EPA was established in 1970 in response to growing concerns about unhealthy air, polluted rivers, unsafe drinking water, endangered species, and waste disposal. Congress gave EPA responsibility for implementing an ambitious set of federal environmental laws. The laws have grown in number and broadened in scope over time, and the Agency's administrative and programmatic structure has evolved to mirror these legislative responsibilities.
Over the past two decades, the implementation of federal laws has contributed to improvements in environmental quality in this country. In virtually every American city, the air is cleaner than it was 25 years ago. Water quality in thousands of miles of rivers and streams is much improved. Hundreds of hazardous waste sites are being cleaned up, and the use of several especially hazardous chemicals has been restricted or banned entirely. The United States is proud of this record of environmental accomplishment, and EPA is proud of the role it has played.
Still, as the end of the 20th century draws near, it is clear that the environmental policies and programs that served so well in the past will not be as effective in the future. Over the past quarter century, scientific understanding of the environment has improved. Because of technological advances, new options are available for solving old problems. Some new problems, like the cumulative effects of multiple pollutant exposures on people, are just beginning to be understood -- they are not so obvious as past problems, nor are the solutions as apparent.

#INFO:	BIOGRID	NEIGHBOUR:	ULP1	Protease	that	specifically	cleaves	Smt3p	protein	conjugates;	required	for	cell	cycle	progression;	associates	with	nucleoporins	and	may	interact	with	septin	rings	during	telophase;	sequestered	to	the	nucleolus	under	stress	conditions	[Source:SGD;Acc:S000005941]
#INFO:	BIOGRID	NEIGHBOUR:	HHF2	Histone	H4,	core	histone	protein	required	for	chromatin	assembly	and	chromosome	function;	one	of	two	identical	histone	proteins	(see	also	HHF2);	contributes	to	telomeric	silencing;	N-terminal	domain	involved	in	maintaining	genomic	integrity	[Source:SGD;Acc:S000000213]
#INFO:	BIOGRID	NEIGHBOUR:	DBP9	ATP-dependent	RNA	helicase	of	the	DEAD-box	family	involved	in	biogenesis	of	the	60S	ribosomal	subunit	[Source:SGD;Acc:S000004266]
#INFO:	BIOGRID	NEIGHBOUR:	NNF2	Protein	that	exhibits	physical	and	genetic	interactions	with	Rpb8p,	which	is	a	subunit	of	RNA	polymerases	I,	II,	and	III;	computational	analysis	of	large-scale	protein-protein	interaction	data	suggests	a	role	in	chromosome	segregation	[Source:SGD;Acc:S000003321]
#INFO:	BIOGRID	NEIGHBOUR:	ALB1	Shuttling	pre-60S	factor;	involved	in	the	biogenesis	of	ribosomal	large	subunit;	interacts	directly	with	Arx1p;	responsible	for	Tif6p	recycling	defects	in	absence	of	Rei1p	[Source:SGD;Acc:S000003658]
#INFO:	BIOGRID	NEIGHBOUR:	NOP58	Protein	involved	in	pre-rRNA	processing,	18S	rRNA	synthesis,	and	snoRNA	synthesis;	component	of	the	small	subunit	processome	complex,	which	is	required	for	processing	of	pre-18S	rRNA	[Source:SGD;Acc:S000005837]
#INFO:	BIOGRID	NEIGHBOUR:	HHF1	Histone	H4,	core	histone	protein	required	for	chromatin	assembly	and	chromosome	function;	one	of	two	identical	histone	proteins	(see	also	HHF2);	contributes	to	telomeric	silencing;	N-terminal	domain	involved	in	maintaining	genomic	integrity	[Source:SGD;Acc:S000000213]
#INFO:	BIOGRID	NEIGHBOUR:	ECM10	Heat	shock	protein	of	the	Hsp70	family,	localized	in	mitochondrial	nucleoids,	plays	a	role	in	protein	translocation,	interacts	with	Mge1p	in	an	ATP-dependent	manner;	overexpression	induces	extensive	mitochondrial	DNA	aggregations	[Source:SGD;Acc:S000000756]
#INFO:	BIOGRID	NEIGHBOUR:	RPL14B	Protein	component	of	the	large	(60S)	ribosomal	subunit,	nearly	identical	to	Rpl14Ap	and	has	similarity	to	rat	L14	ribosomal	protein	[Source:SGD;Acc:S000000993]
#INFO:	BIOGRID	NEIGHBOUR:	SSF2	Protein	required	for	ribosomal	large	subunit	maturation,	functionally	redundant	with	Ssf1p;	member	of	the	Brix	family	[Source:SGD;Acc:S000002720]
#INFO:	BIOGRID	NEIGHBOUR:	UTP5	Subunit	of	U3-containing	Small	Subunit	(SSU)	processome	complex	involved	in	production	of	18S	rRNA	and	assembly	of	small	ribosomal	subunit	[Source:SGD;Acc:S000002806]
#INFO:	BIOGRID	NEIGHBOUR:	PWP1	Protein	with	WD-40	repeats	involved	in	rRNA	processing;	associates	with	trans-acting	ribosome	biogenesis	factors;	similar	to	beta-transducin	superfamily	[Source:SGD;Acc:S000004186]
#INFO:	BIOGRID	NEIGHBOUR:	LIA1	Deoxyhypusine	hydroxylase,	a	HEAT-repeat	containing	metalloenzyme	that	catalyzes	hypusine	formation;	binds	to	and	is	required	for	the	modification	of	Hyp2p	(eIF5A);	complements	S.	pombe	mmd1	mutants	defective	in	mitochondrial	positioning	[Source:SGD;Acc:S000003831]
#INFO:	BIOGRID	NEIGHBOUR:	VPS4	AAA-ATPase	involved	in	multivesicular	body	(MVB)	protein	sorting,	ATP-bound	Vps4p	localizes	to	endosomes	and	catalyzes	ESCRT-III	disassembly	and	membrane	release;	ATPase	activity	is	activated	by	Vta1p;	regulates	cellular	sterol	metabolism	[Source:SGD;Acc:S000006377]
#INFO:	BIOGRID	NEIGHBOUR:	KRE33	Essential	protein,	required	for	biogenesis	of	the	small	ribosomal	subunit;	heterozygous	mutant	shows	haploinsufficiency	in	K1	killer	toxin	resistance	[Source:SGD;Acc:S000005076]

EPA's past experience with environmental policy has given the Agency a better sense of what works to protect the environment, and what does not work. For example, the command-and-control regulations that played such an important role during the Agency's first 20 years have proven to be blunt instruments - - overcontrolling in some instances, undercontrolling in others. As a consequence, EPA is beginning to look at new, non-regulatory mechanisms for protecting the environment, mechanisms that build on regulatory requirements but go beyond them by encouraging voluntary actions as well.
EPA's emphasis on integrated, cross-media programs that target geographical areas is growing. In the past, the Agency's division into air, water, and land programs led EPA to overlook both the cross- media effects of some pollution problems and the potential for new kinds of cross-media effects of some pollution problems and the potential for new kinds of cross-media programs. The Agency now is beginning to tailor its programs to meet the environmental needs of specific places. These "customized" programs are combining traditional enforcement of environmental law with a new commitment to voluntary pollution prevention.
In short, as EPA prepares for a future that will bring new, unanticipated problems and the need for more creative solutions, it is committing itself to new ways of protecting the environment. While renewing its dedication to traditional environmental goals, the Agency recognizes that the achievement of those goals demands innovation and flexibility.
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